Again, I think about the problems woman have traveling alone today — which is why I make it such a point to talk about travel safety often. Back then two women hiking alone would have seemed like extremely easy, “fragile” targets (though obviously these women were anything but!).
What’s interesting is the amount of kindness the women received. Most nights along their journey locals offered them places to stay. This reminds me of my journeys today. Because of constant frightening news stories, family and friends often envision me throwing myself to the wolves when traveling solo; however, the truth is majority of people you meet on the road are extremely warmhearted. Of course, the positive stories aren’t sensational enough to make Facebook’s trending stories or front page news.
Despite the obstacles, Helga and Clara made it to NYC on December 23…19 days past the seven-month deadline. Clara had sprained her ankle along the way. Despite Helga writing the sponsor to request extra time and bringing lots of press to the challenge, she wasn’t given the $10,000. Not only that, but she wasn’t given the promised train ticket home.
The story gets more frustrating. Helga didn’t have enough money to get her and Clara back to Washington, and during her time away she lost two children to diphtheria. When she asked for assistance from the city of Brooklyn — Brooklyn was a city at the time — they merely told her it wasn’t in their budget; however, she could become a pauper of the state to gain assistance, which would take some time.
Finding Their Way Home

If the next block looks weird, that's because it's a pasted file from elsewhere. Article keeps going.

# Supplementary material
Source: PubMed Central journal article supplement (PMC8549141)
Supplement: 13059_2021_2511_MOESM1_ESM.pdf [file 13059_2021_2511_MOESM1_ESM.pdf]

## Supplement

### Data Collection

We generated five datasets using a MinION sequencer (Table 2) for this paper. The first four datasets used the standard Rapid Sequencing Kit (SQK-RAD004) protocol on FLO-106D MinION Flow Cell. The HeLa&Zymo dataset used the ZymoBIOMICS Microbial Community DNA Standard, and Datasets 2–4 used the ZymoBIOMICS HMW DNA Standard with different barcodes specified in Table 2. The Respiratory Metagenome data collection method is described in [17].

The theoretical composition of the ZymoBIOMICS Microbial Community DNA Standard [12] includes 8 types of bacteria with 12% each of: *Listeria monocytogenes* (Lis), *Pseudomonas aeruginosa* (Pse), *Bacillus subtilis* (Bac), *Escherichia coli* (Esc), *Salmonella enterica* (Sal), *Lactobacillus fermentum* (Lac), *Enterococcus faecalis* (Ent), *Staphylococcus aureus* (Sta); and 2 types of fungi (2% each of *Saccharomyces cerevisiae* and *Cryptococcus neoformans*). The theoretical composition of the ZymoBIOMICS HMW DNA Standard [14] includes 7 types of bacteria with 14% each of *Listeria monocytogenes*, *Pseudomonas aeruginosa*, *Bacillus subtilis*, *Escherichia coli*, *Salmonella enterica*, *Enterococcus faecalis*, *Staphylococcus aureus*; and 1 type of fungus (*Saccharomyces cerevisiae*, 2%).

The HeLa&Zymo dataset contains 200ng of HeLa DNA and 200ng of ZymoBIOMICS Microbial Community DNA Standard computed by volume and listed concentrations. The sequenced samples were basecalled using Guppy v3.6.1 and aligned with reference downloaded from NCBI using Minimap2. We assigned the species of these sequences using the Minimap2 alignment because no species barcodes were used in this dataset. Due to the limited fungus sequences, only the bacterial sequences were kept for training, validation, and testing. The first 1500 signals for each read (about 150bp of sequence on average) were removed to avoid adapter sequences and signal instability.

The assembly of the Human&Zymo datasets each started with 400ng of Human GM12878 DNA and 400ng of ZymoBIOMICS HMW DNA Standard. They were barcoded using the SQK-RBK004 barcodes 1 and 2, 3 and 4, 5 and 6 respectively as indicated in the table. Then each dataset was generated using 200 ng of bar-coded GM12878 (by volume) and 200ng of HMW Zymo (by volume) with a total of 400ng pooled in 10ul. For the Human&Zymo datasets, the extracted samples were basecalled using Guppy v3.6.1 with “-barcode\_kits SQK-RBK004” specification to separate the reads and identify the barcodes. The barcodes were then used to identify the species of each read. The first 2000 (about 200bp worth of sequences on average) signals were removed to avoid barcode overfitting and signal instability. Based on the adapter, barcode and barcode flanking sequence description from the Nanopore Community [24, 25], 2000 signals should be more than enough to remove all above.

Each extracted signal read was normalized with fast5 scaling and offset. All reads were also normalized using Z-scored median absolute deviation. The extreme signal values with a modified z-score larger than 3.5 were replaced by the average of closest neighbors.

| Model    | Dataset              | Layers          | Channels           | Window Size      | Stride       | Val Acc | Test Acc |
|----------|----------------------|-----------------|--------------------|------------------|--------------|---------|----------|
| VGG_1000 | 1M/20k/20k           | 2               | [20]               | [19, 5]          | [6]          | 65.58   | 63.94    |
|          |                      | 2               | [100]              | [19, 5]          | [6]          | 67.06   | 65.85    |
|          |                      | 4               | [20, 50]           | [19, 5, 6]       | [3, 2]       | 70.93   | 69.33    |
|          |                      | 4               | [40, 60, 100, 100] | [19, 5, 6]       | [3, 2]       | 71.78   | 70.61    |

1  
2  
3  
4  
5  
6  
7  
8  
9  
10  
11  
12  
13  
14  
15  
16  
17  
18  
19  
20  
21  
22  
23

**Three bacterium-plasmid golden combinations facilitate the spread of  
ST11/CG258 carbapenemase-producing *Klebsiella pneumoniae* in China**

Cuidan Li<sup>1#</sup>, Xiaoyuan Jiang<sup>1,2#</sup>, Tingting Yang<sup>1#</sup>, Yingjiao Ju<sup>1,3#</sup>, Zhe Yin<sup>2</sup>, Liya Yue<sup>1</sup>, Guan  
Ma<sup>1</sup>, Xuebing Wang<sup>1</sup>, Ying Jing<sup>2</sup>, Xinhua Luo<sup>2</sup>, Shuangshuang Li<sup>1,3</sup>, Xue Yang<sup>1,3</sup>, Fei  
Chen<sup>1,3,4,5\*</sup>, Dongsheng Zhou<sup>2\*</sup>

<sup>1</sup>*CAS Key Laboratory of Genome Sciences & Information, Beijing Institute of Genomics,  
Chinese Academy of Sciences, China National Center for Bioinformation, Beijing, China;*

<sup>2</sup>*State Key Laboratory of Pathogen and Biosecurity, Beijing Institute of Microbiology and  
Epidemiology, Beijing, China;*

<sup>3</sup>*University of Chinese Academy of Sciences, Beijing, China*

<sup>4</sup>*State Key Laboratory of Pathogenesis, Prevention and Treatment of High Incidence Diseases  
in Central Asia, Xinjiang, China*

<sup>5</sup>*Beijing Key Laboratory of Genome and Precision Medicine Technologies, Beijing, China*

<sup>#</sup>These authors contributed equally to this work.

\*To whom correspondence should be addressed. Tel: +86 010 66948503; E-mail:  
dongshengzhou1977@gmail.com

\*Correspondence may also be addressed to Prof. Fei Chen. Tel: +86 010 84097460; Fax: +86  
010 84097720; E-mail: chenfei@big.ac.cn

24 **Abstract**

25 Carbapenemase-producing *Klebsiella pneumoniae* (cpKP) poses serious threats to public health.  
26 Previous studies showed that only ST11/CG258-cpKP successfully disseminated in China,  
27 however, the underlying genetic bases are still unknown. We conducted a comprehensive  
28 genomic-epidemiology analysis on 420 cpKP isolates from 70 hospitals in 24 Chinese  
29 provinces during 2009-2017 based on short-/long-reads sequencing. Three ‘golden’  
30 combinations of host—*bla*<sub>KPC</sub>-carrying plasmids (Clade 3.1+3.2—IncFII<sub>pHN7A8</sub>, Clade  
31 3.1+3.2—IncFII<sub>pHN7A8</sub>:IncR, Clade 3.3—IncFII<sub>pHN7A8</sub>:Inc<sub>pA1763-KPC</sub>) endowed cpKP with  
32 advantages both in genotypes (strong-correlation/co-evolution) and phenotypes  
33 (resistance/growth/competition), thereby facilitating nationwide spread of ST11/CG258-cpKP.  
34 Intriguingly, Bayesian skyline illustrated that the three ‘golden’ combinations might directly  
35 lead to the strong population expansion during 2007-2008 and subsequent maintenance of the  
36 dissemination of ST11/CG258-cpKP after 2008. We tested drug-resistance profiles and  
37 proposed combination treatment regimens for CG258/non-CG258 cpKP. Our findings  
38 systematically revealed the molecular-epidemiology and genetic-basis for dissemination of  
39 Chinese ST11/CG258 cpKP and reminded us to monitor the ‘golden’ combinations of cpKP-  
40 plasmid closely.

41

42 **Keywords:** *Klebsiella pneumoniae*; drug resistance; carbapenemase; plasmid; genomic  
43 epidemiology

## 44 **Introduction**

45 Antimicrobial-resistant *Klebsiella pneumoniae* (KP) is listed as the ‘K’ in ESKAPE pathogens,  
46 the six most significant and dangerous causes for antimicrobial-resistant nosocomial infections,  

Eventually a railroad titan provided the ladies passes to get back home. In the end, Helga and Clara were gone for over a year. Upon Helga’s return she wasn’t greeted with cake, balloons or applause; but disdain. She was seen as a deserter.
Helga’s walk across America is never really talked about again, and after her death her journals and scrapbooks are burned by her resentful children. Luckily, a daughter-in-law secretly kept a few scrapbook pages about the journey, and in 1984 one of Helga’s descendants, Douglas Bahr, wrote an essay titled “Grandma Walks from Coast to Coast” in a contest. This caught the attention of author Linda Lawrence Hunt, who when on to write “Bold Spirit: Helga Estby’s Forgotten Walk Across Victorian America,” which I suggest you all read (like, tomorrow!).And I thought I was #adventurous! I ain't got nothing on this brave historic #woman. Click To Tweet
While Helga’s story is filled with sadness, there is a (very bright) silver lining. The narrative is so much more than just an adventure trek. It’s unbelievable and completely plausible all at the same time. It’s the epitome of inspiring. Hell, a woman today would turn heads for doing such a trip. But 1896?! Wow.
Helga was a pioneer for solo travelers and adventurous women. She pushed the boundaries of what people thought women were capable of and proved society wrong for the greater good of females. She’s a motivation to anyone who has ever doubted they could accomplish something that seemed illogical, improbable or impossible.
The next time you doubt yourself, think about Helga. And the next time you doubt the power of a female traveler, think about the fearless duo who conquered 3,500 miles before anyone had done it before.
An Open Letter From The Father Of A Female Solo Traveler [Blog Inspiration]
Clever Travel Companion Pickpocket-Proof Garments [Travel Safety]